Last time we talked on these topics, things were a little discouraging. But now they are so much better!
First, the tooth. You remember I’d gone in for what I thought was an appointment to get my flipper, but it was only an appointment to take molds for it, which left me having a little weep in the parking lot. But something I didn’t mention, because I hadn’t yet noticed the improvement to my life, is that while I was there the dentist made a few adjustments to the tooth tray, and those adjustments made it much more tolerable to wear: he filled in the little gaps and shaved off a little piece that was pressing uncomfortably against another tooth. It looked better, it felt better, it fit better, and it no longer whistled.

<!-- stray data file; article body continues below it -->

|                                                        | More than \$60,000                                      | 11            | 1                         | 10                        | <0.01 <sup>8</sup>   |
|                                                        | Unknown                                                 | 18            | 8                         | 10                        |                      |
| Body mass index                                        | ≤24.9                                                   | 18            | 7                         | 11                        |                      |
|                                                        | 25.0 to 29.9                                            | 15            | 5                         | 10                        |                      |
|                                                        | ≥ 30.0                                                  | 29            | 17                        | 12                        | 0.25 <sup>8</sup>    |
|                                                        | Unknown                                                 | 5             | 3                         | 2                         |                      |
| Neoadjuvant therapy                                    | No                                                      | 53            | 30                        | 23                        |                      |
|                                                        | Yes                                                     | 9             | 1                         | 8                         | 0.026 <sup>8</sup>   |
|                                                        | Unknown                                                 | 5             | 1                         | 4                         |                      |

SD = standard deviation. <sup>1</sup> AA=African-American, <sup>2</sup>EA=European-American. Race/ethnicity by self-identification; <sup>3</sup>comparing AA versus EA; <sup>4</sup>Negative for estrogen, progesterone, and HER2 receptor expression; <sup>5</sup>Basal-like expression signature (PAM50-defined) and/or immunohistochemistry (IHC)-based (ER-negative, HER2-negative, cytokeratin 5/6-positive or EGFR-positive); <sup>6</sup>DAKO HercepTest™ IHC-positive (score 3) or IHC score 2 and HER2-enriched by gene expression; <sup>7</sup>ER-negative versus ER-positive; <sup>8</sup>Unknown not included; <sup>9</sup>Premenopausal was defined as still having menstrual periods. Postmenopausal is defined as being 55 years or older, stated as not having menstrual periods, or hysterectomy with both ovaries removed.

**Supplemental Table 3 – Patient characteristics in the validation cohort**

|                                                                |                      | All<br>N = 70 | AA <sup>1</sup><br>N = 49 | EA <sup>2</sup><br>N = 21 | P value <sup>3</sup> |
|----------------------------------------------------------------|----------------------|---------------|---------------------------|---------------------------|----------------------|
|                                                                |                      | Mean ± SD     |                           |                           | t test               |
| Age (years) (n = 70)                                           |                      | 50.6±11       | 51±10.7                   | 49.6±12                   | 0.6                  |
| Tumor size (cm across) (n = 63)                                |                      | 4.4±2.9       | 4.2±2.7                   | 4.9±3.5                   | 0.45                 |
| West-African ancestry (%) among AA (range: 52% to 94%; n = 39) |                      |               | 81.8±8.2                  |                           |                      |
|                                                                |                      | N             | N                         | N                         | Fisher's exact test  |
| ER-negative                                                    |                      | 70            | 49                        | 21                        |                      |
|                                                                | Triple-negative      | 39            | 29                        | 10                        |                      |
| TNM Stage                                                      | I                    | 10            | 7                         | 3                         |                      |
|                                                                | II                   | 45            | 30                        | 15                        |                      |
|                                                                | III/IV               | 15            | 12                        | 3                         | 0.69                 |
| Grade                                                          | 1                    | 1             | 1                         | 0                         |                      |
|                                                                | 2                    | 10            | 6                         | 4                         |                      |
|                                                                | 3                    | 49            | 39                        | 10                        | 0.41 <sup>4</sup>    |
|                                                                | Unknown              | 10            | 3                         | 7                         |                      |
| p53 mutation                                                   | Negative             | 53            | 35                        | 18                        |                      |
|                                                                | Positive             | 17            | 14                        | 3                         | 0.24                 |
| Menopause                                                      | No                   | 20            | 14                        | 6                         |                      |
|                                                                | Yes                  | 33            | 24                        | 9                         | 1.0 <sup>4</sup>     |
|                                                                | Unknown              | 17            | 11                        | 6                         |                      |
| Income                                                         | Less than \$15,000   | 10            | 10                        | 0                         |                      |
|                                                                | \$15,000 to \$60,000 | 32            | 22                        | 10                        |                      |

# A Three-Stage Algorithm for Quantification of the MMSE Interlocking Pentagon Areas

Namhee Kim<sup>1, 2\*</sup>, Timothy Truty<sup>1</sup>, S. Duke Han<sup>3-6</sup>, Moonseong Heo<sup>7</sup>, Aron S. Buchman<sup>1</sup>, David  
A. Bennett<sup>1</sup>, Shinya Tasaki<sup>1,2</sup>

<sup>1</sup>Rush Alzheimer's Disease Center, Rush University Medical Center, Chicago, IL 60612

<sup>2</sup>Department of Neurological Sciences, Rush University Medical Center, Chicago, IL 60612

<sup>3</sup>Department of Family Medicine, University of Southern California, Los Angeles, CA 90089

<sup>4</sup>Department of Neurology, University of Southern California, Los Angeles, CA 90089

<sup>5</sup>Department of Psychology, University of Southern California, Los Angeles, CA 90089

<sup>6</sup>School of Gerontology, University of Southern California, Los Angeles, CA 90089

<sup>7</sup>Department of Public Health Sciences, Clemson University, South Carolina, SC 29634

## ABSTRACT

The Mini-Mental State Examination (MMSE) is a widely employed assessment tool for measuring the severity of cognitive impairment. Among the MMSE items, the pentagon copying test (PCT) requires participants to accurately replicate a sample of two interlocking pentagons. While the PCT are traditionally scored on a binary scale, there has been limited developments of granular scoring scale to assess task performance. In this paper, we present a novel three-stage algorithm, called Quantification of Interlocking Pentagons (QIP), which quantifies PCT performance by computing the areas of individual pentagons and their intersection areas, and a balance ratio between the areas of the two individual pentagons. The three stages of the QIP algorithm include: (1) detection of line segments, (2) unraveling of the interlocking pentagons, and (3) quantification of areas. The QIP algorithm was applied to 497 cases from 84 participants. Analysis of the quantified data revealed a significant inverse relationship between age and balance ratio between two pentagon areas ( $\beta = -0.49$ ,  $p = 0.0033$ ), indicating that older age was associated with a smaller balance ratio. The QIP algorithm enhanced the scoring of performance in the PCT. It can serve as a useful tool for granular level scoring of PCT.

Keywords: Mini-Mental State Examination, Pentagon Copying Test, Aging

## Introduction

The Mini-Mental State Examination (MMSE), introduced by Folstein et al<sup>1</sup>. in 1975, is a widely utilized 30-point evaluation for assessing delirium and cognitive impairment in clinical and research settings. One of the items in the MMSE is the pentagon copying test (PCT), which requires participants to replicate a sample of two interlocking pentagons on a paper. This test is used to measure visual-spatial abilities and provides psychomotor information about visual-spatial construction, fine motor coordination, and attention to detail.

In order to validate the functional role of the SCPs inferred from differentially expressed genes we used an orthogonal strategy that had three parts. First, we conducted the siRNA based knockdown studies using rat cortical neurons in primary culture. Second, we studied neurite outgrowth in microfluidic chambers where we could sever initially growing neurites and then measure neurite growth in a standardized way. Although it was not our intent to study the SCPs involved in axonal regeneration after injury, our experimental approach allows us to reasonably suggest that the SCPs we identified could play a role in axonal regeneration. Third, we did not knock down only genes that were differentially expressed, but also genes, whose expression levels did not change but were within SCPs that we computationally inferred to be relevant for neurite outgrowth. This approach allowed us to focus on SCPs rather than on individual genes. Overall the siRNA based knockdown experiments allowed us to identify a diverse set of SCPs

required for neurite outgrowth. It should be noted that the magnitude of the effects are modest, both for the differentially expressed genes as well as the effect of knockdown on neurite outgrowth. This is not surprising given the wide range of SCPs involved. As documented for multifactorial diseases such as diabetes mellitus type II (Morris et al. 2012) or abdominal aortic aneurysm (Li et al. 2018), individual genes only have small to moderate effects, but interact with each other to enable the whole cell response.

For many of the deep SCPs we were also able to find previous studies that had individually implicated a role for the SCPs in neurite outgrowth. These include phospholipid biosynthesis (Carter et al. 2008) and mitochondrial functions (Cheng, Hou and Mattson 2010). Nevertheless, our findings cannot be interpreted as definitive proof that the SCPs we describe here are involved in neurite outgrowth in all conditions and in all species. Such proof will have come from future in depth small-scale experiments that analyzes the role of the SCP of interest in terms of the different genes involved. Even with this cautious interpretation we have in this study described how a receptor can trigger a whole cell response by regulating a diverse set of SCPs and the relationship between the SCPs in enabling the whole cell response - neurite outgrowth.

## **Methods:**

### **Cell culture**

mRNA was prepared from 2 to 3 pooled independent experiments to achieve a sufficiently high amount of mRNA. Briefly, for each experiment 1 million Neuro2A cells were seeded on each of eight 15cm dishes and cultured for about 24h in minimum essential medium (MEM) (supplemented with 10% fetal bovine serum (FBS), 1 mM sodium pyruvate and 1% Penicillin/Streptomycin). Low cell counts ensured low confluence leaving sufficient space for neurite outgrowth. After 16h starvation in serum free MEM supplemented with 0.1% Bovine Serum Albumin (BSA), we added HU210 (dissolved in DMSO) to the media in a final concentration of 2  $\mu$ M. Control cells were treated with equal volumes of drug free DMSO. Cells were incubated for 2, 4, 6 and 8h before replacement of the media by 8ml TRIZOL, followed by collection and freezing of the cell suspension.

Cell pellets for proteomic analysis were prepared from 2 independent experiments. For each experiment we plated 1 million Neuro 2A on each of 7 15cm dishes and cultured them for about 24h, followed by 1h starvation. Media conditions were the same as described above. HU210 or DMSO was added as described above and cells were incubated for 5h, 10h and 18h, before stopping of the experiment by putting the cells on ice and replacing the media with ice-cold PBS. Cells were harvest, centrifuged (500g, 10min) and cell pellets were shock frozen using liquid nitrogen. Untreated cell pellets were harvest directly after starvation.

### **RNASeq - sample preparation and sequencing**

So that was already better. In fact, I worried that paying multiple hundreds of dollars for the flipper would turn out to be a dumb idea. But then I got the flipper itself, and it is MUCH BETTER. It is like a retainer, in that there is a piece of smooth plastic on part of the roof of my mouth. The dental assistant said some people hate that, but to me it feels like the comforting presence of a half-dissolved, perfectly smooth Werther’s Original Hard Candy. What I hated about the tooth tray was that it fit over ALL my top teeth; the flipper still feels intrusive, but it’s a kind of intrusive I prefer. I had a retainer for years, so maybe that contributes to the preference.